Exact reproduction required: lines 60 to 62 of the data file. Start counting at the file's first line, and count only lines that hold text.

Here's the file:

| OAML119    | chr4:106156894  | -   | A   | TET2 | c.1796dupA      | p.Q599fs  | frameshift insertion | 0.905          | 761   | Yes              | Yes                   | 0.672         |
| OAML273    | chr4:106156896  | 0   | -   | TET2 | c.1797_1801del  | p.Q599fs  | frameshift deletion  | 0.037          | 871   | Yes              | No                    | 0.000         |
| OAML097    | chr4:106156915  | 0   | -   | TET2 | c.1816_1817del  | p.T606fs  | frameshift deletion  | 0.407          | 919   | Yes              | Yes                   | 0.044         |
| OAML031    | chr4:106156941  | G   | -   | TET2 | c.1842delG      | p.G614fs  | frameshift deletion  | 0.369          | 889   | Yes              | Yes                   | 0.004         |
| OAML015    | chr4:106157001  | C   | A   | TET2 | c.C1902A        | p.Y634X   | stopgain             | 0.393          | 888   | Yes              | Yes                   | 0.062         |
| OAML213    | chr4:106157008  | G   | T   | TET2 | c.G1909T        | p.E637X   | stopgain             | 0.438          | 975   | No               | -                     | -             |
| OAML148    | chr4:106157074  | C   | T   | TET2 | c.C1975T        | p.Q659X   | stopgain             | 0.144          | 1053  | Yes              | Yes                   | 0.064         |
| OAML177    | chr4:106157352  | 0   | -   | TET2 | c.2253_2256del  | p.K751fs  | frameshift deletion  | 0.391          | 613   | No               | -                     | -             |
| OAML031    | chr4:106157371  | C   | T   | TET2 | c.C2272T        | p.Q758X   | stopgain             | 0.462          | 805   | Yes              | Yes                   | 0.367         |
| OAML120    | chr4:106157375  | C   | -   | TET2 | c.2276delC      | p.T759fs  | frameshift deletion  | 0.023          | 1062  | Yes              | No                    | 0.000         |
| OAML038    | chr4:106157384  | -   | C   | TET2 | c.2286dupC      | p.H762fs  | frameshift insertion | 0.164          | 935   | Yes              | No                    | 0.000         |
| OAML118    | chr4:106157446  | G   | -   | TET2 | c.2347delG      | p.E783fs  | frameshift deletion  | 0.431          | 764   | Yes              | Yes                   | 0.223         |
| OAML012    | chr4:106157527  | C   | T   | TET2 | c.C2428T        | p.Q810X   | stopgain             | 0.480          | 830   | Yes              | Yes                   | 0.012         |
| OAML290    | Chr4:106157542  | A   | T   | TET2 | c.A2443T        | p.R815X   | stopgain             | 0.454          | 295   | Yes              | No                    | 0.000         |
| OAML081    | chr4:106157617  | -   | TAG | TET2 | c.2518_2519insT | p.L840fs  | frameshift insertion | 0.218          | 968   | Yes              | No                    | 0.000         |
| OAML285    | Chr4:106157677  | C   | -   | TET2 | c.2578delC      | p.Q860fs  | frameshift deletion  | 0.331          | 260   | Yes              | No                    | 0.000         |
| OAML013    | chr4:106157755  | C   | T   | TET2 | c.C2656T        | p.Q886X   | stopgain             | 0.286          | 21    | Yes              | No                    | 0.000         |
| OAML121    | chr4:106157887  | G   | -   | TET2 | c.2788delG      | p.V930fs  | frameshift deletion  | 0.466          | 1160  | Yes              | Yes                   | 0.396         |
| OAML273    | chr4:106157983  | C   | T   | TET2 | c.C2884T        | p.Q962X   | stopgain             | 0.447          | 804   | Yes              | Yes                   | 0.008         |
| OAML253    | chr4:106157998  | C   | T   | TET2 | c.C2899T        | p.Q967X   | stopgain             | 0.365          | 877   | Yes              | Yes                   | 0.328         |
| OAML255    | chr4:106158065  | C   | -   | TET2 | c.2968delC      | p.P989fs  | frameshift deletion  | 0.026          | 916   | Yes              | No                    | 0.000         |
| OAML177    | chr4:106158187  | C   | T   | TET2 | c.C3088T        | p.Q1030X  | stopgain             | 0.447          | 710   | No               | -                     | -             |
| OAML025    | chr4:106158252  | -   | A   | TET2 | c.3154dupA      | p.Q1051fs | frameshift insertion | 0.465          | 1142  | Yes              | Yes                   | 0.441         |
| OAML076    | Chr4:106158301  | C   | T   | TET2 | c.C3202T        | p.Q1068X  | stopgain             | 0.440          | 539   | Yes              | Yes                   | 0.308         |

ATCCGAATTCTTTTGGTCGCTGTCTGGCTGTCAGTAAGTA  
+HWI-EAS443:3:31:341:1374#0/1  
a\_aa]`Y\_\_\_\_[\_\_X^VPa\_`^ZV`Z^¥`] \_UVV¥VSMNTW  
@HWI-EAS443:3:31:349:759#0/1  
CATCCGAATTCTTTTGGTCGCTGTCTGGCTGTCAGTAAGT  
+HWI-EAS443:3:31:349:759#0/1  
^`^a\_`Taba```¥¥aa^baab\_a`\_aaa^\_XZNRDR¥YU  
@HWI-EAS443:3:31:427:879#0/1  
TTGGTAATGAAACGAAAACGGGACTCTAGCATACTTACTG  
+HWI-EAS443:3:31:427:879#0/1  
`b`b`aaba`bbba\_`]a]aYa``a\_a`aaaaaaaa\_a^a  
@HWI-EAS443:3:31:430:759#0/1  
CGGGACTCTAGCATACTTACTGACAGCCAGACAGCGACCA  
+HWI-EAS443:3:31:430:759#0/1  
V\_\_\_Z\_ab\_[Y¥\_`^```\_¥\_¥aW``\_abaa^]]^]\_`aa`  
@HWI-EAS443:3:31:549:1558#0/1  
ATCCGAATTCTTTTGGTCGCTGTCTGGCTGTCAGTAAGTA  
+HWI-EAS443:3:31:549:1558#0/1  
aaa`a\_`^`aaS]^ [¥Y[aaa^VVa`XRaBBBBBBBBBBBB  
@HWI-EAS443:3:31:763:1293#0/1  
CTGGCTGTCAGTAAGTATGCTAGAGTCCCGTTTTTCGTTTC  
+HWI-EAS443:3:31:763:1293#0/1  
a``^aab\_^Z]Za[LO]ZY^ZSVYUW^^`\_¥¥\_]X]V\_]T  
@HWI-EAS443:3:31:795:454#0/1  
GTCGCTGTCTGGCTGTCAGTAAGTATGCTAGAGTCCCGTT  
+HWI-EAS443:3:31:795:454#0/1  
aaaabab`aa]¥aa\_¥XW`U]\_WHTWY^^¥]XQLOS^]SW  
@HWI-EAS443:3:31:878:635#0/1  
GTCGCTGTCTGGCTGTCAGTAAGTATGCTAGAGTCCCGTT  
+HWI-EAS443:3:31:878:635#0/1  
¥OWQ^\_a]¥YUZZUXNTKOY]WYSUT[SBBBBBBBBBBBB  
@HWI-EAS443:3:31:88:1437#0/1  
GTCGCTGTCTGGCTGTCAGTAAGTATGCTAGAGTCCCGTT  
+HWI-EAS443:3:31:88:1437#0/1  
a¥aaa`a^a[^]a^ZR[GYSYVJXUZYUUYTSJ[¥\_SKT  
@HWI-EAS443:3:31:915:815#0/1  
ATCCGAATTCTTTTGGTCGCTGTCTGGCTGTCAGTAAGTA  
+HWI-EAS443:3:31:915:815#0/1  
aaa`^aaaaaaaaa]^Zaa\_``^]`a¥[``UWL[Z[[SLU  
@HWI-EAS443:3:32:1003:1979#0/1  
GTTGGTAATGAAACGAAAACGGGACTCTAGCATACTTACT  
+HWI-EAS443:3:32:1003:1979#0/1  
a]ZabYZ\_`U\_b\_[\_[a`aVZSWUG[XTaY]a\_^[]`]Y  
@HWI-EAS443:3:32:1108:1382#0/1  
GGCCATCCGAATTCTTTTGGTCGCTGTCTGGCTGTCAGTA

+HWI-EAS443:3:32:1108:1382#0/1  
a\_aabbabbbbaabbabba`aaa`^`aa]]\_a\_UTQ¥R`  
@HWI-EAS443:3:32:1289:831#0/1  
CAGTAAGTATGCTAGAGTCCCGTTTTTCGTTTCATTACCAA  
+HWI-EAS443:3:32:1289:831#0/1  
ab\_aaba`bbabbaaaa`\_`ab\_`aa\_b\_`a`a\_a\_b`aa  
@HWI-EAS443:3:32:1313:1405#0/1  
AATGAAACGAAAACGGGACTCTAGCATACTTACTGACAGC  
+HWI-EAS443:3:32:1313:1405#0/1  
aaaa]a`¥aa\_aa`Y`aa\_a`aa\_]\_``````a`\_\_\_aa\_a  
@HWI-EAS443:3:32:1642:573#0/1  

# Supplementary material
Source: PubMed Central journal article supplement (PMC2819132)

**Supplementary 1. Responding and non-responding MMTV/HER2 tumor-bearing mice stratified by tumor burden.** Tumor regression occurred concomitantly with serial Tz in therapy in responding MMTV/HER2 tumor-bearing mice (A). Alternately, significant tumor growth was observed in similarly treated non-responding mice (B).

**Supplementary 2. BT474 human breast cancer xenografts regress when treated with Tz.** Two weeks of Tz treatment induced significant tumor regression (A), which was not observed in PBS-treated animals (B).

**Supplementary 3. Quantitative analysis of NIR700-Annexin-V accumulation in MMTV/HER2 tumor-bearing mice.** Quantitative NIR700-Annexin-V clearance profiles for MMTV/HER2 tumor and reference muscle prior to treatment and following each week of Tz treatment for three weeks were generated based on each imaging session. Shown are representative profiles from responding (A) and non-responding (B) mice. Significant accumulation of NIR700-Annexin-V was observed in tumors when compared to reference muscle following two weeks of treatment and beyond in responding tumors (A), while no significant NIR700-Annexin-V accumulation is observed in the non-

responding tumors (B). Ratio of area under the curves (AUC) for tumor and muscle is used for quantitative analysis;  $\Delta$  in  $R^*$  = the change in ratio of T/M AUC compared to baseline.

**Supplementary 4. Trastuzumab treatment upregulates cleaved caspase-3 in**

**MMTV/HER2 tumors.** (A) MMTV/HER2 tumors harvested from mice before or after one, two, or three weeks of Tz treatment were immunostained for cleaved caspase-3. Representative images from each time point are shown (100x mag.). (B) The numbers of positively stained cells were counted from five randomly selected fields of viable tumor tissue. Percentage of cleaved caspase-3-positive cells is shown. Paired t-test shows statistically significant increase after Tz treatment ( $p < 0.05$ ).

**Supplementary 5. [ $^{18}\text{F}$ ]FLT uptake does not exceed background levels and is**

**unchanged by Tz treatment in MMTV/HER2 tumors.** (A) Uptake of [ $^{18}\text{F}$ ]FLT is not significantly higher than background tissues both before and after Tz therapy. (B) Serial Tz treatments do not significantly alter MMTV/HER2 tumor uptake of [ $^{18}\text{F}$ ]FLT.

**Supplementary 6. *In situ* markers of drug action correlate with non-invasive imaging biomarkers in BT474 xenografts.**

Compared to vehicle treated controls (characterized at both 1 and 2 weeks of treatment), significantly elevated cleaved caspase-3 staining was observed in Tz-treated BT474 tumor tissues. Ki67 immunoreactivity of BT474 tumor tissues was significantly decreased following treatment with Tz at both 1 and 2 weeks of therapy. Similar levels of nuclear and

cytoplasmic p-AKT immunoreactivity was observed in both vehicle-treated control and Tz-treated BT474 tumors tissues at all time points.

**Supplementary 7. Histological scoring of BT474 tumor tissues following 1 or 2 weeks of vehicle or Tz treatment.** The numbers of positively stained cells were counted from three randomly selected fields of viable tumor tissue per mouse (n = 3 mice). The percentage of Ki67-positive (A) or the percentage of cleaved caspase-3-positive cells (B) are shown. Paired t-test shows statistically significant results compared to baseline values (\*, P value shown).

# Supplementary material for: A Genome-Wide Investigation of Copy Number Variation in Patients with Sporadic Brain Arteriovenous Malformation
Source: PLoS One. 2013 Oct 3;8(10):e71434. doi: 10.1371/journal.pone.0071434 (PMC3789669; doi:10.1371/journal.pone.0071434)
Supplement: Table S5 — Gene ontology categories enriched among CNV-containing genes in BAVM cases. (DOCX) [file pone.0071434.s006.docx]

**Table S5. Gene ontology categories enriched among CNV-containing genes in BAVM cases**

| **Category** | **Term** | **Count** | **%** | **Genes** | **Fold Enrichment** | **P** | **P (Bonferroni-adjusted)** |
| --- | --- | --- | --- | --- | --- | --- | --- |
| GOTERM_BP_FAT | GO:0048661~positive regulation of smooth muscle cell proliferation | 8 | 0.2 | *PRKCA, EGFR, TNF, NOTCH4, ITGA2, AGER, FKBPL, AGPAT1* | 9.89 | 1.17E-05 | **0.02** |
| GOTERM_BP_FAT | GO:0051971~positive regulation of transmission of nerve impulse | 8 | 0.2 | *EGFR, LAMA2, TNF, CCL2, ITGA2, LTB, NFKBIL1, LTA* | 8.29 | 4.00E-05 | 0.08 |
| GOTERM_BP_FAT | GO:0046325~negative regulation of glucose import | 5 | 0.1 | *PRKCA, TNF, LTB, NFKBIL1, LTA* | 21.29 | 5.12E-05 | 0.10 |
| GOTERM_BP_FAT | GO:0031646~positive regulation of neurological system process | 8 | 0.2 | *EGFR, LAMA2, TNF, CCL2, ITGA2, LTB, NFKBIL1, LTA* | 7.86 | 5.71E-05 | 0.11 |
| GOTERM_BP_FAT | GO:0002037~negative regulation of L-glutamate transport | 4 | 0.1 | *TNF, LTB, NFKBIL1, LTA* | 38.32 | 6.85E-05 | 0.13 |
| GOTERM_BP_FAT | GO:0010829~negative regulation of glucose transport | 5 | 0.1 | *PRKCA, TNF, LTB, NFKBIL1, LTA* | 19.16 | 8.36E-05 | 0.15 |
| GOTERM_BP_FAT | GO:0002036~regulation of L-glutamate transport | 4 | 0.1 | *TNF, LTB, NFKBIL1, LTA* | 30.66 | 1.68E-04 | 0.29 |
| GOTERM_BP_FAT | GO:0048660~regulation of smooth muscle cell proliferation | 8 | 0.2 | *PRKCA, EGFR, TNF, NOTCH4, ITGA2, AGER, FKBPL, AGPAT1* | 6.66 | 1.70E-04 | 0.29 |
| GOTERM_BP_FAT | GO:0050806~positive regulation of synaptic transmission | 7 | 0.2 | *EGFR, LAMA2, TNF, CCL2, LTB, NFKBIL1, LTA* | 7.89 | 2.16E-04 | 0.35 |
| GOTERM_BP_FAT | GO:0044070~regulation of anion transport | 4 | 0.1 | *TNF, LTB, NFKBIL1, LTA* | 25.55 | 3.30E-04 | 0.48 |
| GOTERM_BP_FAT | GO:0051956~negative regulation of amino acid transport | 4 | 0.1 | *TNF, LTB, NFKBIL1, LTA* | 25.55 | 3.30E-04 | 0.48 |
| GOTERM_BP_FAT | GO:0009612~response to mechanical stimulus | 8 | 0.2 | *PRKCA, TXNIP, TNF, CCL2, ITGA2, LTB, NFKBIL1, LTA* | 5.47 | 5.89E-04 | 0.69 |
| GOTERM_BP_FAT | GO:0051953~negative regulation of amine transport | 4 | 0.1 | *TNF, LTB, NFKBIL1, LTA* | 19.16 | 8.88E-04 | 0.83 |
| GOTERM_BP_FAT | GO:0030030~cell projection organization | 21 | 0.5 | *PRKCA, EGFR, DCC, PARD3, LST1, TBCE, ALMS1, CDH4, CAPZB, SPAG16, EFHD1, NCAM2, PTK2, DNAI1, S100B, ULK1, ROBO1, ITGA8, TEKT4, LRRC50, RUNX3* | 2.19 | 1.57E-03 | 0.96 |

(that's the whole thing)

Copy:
@HWI-EAS443:3:31:915:815#0/1  
ATCCGAATTCTTTTGGTCGCTGTCTGGCTGTCAGTAAGTA  
+HWI-EAS443:3:31:915:815#0/1  